The United Federation of Teachers, the union that represents some 200,000 New York City teachers and public school workers, re-elected its president, Michael Mulgrew, and his Unity caucus to another term on Thursday, April 25.
As expected, Unity, which has been in power since the union's founding in 1960 and counts American Federation of Teachers president Randi Weingarten among its alumnae, cruised to an easy victory with some 84 percent of the vote. Mulgrew, a former high school teacher, said in a victory statement, “I’m honored that thousands of UFT members have supported my re-election. I look forward to working with them for the next three years as we continue to fight for the best for our students, their families, and the schools.”
The re-election of Mulgrew itself wasn't surprising. But given that the Chicago teachers strike made major headlines this fall, and was led by a reform caucus that upset the union leadership in 2010 elections (the Caucus of Rank and File Educators, or CORE), many eyes were on the UFT election to see if its dissident caucus, modeled on CORE, would seize control in New York.
That caucus, the Movement of Rank and File Educators (MORE), came in second, passing the other opposition group, New Action, in every category except retirees, and coming within 160 votes of Unity in the high schools. That’s an impressive showing for a reform caucus that some six months ago was unsure it was even going to put up a slate of candidates to run. “Our fear was that we had so much work to do to build up our group that running in the elections would take so much energy away from our main goal of building up a strong activist network inside the schools,” says Brian Jones, MORE's candidate for UFT secretary. “I think what we found was that there was a way to run in the elections that actually allows you to build up that network.”
Calling itself the “social justice caucus of the UFT,” MORE has critiqued the UFT's support for mayoral control of schools and what the caucus sees as the union's lack of fight over school closures, high-stakes testing and the "co-location" of charter schools within district schools. As James Cersonsky reported for Working In These Times in March, the UFT has a long tradition of dissident caucuses—none of which have been able to make a dent in Unity's leadership. MORE stepped into the space formerly occupied by the Independent Community of Educators (ICE) and Teachers for a Just Contract (TJC), and beat the percentage of the vote captured by the 2010 ICE/TJC caucus in every division. (New Action, while it challenges Unity on several issues, does not challenge Unity's candidate for president.)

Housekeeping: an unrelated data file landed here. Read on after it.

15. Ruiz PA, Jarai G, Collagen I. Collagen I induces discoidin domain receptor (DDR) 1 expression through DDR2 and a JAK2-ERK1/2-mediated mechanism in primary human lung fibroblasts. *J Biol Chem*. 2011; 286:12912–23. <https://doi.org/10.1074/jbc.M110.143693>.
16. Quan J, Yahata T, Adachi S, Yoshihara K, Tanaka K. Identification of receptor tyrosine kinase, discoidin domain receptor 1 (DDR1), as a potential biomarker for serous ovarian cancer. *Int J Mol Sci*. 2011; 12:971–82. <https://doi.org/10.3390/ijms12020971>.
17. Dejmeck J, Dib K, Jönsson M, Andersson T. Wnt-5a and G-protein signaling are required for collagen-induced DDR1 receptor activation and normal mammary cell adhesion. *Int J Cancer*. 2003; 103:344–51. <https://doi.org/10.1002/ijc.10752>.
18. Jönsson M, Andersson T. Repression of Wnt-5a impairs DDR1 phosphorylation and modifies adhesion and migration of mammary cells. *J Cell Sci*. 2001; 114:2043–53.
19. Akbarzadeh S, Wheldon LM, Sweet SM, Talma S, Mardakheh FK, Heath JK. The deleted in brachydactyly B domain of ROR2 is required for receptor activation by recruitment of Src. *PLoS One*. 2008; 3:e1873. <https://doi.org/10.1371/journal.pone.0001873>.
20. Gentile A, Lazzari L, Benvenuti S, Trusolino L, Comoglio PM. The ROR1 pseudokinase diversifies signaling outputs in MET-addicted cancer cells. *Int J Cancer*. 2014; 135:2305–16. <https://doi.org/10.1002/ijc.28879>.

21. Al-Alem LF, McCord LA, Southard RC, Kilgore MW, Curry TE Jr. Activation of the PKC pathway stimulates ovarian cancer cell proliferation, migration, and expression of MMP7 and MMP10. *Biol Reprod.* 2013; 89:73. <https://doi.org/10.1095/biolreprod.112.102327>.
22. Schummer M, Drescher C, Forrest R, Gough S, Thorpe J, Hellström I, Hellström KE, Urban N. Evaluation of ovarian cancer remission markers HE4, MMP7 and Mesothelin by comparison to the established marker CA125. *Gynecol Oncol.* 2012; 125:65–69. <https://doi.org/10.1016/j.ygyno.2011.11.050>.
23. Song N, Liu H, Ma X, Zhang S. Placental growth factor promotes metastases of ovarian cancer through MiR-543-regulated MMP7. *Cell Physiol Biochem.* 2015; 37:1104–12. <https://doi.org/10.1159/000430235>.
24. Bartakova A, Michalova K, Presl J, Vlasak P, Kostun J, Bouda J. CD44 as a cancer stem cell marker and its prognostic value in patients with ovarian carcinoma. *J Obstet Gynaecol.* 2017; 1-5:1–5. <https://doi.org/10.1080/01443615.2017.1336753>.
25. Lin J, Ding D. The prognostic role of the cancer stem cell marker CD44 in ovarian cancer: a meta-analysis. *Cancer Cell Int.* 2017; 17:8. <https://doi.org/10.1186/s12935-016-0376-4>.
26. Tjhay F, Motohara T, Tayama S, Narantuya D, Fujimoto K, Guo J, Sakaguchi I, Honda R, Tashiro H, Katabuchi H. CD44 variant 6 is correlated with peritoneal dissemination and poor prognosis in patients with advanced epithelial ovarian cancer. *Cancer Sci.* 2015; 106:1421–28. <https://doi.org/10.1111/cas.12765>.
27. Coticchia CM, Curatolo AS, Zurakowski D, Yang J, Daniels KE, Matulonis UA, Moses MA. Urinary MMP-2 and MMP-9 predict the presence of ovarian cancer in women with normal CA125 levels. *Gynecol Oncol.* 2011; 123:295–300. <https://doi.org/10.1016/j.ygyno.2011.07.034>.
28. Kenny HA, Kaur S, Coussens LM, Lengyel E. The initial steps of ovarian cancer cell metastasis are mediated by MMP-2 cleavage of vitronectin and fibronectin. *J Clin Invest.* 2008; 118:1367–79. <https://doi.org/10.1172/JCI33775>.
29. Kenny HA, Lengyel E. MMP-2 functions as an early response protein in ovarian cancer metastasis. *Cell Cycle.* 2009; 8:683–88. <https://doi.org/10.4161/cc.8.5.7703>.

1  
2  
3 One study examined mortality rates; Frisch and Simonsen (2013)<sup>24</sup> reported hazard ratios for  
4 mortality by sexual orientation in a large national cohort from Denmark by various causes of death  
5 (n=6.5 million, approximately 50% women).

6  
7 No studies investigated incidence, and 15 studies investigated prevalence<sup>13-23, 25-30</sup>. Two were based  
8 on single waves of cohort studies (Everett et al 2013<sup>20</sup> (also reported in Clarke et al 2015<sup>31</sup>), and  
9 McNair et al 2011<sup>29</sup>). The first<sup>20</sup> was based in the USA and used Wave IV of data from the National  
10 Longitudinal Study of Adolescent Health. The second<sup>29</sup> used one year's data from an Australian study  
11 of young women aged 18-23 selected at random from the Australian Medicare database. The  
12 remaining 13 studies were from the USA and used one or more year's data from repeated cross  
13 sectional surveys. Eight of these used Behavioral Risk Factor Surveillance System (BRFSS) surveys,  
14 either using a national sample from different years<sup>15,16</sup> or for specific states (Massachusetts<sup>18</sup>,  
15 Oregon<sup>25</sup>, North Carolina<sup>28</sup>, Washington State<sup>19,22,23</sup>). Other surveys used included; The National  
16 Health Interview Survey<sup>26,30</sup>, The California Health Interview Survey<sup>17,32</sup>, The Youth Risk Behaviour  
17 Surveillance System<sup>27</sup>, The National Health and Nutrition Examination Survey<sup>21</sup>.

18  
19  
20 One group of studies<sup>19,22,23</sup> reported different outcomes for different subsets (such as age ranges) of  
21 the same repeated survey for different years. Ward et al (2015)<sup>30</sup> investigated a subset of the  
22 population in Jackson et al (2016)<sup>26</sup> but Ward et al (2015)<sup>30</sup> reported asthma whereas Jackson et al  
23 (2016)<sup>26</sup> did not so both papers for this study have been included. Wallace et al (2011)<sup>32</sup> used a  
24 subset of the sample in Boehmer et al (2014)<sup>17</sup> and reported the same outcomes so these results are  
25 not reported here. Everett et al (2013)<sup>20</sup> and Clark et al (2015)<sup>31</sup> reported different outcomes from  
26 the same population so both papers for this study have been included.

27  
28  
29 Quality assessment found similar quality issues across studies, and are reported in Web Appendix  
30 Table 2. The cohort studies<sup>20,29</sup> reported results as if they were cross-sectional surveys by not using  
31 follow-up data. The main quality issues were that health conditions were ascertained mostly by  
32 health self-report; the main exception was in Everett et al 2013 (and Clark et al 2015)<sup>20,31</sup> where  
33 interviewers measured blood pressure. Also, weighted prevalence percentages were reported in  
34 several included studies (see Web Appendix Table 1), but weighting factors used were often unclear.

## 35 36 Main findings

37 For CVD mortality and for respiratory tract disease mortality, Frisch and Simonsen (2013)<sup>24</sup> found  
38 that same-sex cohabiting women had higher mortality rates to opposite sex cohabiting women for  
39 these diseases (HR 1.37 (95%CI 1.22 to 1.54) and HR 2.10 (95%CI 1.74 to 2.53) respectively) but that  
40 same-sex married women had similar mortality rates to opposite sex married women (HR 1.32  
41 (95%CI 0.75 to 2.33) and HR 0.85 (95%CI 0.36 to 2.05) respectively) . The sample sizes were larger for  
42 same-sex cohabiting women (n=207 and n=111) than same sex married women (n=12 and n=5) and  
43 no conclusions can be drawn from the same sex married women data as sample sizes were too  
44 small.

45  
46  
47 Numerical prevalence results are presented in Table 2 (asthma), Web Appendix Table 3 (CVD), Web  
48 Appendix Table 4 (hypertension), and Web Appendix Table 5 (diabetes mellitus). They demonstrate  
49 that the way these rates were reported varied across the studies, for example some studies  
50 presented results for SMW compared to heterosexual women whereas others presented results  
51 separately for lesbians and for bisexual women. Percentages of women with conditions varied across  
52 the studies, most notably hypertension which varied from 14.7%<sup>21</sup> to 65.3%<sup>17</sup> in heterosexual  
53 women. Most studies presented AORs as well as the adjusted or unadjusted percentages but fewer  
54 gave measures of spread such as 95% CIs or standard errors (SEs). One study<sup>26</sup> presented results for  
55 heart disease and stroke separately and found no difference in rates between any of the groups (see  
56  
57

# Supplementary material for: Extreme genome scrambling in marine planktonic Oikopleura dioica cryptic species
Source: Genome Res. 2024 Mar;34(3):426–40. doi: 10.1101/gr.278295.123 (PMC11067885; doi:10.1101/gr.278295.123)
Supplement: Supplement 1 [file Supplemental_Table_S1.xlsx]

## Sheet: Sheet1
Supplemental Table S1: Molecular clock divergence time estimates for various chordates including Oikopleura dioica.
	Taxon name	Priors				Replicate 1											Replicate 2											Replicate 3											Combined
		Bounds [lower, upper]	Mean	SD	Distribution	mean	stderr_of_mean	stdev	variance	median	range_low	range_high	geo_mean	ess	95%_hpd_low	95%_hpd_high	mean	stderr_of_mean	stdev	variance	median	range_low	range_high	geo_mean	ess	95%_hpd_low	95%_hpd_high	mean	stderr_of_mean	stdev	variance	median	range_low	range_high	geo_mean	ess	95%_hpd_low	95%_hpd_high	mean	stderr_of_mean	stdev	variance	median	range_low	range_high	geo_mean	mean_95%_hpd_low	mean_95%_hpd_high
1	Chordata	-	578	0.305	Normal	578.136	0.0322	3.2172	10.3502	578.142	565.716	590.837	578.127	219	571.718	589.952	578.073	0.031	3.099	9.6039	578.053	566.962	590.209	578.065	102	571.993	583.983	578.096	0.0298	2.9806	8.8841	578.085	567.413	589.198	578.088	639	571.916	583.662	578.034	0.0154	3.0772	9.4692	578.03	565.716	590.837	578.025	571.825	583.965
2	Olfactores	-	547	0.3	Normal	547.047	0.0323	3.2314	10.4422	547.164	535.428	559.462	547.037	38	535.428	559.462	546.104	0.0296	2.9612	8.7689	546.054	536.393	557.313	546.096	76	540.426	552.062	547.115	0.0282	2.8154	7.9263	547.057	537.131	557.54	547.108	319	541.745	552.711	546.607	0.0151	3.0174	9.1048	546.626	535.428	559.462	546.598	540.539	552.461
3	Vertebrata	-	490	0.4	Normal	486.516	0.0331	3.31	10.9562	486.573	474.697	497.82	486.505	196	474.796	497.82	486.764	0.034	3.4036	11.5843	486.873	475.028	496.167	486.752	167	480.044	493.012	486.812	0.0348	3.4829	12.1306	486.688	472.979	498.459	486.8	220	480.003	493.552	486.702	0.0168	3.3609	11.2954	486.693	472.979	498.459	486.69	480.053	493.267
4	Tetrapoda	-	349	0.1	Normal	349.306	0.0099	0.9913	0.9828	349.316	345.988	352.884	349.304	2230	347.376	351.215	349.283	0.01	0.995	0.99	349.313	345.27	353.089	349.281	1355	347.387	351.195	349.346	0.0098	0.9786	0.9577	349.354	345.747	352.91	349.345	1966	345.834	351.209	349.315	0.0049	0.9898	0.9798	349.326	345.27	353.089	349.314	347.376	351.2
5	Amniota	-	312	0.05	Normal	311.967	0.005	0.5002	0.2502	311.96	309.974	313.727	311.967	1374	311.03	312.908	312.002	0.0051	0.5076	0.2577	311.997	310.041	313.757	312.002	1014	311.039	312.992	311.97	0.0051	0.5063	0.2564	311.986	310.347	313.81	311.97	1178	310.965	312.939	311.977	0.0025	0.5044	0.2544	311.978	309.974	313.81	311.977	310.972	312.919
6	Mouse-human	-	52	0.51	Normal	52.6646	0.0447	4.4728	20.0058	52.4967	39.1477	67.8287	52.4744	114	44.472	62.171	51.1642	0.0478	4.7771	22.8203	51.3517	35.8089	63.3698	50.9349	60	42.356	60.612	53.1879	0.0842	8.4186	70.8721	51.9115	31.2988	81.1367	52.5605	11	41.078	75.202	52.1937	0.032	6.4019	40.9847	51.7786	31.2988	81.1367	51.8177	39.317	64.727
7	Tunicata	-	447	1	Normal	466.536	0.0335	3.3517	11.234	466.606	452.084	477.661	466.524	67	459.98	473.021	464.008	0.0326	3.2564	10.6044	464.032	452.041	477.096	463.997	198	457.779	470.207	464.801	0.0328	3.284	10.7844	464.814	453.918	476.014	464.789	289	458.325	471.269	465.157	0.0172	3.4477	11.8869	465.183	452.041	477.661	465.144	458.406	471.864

One of the biggest factors in this election was the power of the retiree vote: Fifty-two percent of the ballots were cast by retired members. While MORE made the race competitive among active teachers, particularly in the high schools, the retirees returned 18,155 votes for Unity, more than ten times MORE's total. Many of the retirees live out of state, and there's no easy way for MORE to contact them.
For Jones, the increase in every category (in a year when overall turnout was down) is a victory for MORE, but the disparity between the high school vote, where they earned 40 percent, and the elementary school vote, where they won only 22 percent, is disappointing. Julie Cavanagh, MORE's candidate for president, is a longtime elementary school special education teacher.
“The positive thing is we had an elementary school person running for president and 40 percent of high school teachers voted for her,” Jones notes, pointing out that high schools are the traditional bedrock of the opposition within the union.
Moving forward from the election, the UFT faces an upcoming fight over teacher evaluations, and MORE plans to wade into the fray. The Unity leadership has said that it will accept a deal arbitrated by the governor, but MORE wants more rank-and-file involvement.
“This is probably going to be the biggest change in our working conditions in a generation," says Jones. “This is going to be a dramatic change in what it means to be a teacher. We are going to try to figure out creative ways to fight, we're not going to shut up or be quiet about that.”
For Jones and MORE, the next steps involve building influence within the union and the city. That means more local events, encouraging members to build up MORE chapters in their schools, and doing political education on local and union issues. They're not content to hope, as the current leadership does, that the next mayor of New York will be more favorably disposed toward the union than billionaire Michael Bloomberg has been. “We want to build a real thriving network of activists and organizers who are educators and other school-based workers,” says Jones.
They're also building up more democratic structures within the caucus, including an elected steering committee, to make sure that MORE represents the concerns of its members. While they still want to take over the union leadership, eventually, right now they're also interested in figuring out how to run the union in a different fashion, and that means building a movement.
“In any real movement, the question is not what have you done but what are you about to do,” Jones says. “What are you going to do tomorrow, what are you going to do next week? Those are the questions we're going to have to answer, in terms of the evaluation deal, in terms of high-stakes testing, in terms of whatever contract comes down the road and of course school closures and co-locations.”